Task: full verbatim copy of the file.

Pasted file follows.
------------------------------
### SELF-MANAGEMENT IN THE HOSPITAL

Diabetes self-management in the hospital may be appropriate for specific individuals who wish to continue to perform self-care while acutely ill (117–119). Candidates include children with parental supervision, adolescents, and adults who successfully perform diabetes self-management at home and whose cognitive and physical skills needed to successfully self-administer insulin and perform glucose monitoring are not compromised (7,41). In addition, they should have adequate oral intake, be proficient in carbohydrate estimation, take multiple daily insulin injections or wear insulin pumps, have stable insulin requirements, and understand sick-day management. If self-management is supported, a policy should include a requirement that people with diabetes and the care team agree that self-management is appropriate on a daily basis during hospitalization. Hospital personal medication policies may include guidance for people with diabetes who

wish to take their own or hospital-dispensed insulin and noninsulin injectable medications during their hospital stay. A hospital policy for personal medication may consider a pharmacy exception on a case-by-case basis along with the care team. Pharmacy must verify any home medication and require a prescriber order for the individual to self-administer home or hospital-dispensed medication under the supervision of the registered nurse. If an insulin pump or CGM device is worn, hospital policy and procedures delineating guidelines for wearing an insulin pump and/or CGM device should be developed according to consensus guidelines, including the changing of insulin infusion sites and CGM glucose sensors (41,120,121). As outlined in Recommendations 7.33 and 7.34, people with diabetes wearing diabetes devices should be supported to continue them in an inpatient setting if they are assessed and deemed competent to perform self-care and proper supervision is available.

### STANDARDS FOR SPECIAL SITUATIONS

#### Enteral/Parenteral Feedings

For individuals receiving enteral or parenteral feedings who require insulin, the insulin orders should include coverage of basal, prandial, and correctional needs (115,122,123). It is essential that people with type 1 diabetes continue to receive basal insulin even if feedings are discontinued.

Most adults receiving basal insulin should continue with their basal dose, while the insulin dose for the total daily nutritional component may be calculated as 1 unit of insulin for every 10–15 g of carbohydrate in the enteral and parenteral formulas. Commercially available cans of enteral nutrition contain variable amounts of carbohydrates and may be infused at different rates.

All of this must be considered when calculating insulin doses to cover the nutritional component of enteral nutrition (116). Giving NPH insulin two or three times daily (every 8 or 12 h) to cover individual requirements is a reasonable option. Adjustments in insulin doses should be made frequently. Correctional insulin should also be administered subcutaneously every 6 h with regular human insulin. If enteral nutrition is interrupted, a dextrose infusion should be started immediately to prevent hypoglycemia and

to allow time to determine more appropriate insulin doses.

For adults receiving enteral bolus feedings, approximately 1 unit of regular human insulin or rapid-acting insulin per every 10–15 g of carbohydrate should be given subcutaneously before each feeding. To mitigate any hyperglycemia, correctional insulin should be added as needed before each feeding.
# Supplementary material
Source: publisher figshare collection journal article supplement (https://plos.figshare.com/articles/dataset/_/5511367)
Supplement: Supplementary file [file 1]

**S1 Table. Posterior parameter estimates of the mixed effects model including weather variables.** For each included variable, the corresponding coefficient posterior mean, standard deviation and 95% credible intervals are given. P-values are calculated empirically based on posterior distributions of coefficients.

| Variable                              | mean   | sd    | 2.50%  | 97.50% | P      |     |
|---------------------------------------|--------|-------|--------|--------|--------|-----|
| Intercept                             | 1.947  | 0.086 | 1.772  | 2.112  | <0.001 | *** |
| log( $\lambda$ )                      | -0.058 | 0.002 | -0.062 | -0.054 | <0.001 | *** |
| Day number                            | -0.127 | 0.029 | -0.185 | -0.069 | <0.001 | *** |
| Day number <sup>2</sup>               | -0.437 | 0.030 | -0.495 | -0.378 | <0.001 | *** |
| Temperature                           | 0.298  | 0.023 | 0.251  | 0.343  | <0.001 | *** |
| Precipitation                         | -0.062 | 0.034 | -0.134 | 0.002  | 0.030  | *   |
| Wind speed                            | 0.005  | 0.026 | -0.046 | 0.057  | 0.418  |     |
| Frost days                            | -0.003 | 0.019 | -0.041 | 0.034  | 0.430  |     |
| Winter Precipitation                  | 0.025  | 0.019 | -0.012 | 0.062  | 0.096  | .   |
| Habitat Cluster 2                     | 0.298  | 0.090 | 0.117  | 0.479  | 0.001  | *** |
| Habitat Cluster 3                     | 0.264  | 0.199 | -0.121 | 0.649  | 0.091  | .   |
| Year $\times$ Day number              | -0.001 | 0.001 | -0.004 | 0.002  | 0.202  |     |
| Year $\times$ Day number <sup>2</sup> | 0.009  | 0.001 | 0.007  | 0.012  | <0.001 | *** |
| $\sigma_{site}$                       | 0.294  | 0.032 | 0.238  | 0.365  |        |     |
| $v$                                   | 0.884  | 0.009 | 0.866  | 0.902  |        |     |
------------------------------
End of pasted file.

### SELF-MANAGEMENT IN THE HOSPITAL

Diabetes self-management in the hospital may be appropriate for specific individuals who wish to continue to perform self-care while acutely ill (117–119). Candidates include children with parental supervision, adolescents, and adults who successfully perform diabetes self-management at home and whose cognitive and physical skills needed to successfully self-administer insulin and perform glucose monitoring are not compromised (7,41). In addition, they should have adequate oral intake, be proficient in carbohydrate estimation, take multiple daily insulin injections or wear insulin pumps, have stable insulin requirements, and understand sick-day management. If self-management is supported, a policy should include a requirement that people with diabetes and the care team agree that self-management is appropriate on a daily basis during hospitalization. Hospital personal medication policies may include guidance for people with diabetes who

wish to take their own or hospital-dispensed insulin and noninsulin injectable medications during their hospital stay. A hospital policy for personal medication may consider a pharmacy exception on a case-by-case basis along with the care team. Pharmacy must verify any home medication and require a prescriber order for the individual to self-administer home or hospital-dispensed medication under the supervision of the registered nurse. If an insulin pump or CGM device is worn, hospital policy and procedures delineating guidelines for wearing an insulin pump and/or CGM device should be developed according to consensus guidelines, including the changing of insulin infusion sites and CGM glucose sensors (41,120,121). As outlined in Recommendations 7.33 and 7.34, people with diabetes wearing diabetes devices should be supported to continue them in an inpatient setting if they are assessed and deemed competent to perform self-care and proper supervision is available.

### STANDARDS FOR SPECIAL SITUATIONS

#### Enteral/Parenteral Feedings

For individuals receiving enteral or parenteral feedings who require insulin, the insulin orders should include coverage of basal, prandial, and correctional needs (115,122,123). It is essential that people with type 1 diabetes continue to receive basal insulin even if feedings are discontinued.

Most adults receiving basal insulin should continue with their basal dose, while the insulin dose for the total daily nutritional component may be calculated as 1 unit of insulin for every 10–15 g of carbohydrate in the enteral and parenteral formulas. Commercially available cans of enteral nutrition contain variable amounts of carbohydrates and may be infused at different rates.

All of this must be considered when calculating insulin doses to cover the nutritional component of enteral nutrition (116). Giving NPH insulin two or three times daily (every 8 or 12 h) to cover individual requirements is a reasonable option. Adjustments in insulin doses should be made frequently. Correctional insulin should also be administered subcutaneously every 6 h with regular human insulin. If enteral nutrition is interrupted, a dextrose infusion should be started immediately to prevent hypoglycemia and

to allow time to determine more appropriate insulin doses.

For adults receiving enteral bolus feedings, approximately 1 unit of regular human insulin or rapid-acting insulin per every 10–15 g of carbohydrate should be given subcutaneously before each feeding. To mitigate any hyperglycemia, correctional insulin should be added as needed before each feeding.
# Supplementary material
Source: publisher figshare collection journal article supplement (https://plos.figshare.com/articles/dataset/_/5511367)
Supplement: Supplementary file [file 1]

**S1 Table. Posterior parameter estimates of the mixed effects model including weather variables.** For each included variable, the corresponding coefficient posterior mean, standard deviation and 95% credible intervals are given. P-values are calculated empirically based on posterior distributions of coefficients.

| Variable                              | mean   | sd    | 2.50%  | 97.50% | P      |     |
|---------------------------------------|--------|-------|--------|--------|--------|-----|
| Intercept                             | 1.947  | 0.086 | 1.772  | 2.112  | <0.001 | *** |
| log( $\lambda$ )                      | -0.058 | 0.002 | -0.062 | -0.054 | <0.001 | *** |
| Day number                            | -0.127 | 0.029 | -0.185 | -0.069 | <0.001 | *** |
| Day number <sup>2</sup>               | -0.437 | 0.030 | -0.495 | -0.378 | <0.001 | *** |
| Temperature                           | 0.298  | 0.023 | 0.251  | 0.343  | <0.001 | *** |
| Precipitation                         | -0.062 | 0.034 | -0.134 | 0.002  | 0.030  | *   |
| Wind speed                            | 0.005  | 0.026 | -0.046 | 0.057  | 0.418  |     |
| Frost days                            | -0.003 | 0.019 | -0.041 | 0.034  | 0.430  |     |
| Winter Precipitation                  | 0.025  | 0.019 | -0.012 | 0.062  | 0.096  | .   |
| Habitat Cluster 2                     | 0.298  | 0.090 | 0.117  | 0.479  | 0.001  | *** |
| Habitat Cluster 3                     | 0.264  | 0.199 | -0.121 | 0.649  | 0.091  | .   |
| Year $\times$ Day number              | -0.001 | 0.001 | -0.004 | 0.002  | 0.202  |     |
| Year $\times$ Day number <sup>2</sup> | 0.009  | 0.001 | 0.007  | 0.012  | <0.001 | *** |
| $\sigma_{site}$                       | 0.294  | 0.032 | 0.238  | 0.365  |        |     |
| $v$                                   | 0.884  | 0.009 | 0.866  | 0.902  |        |     |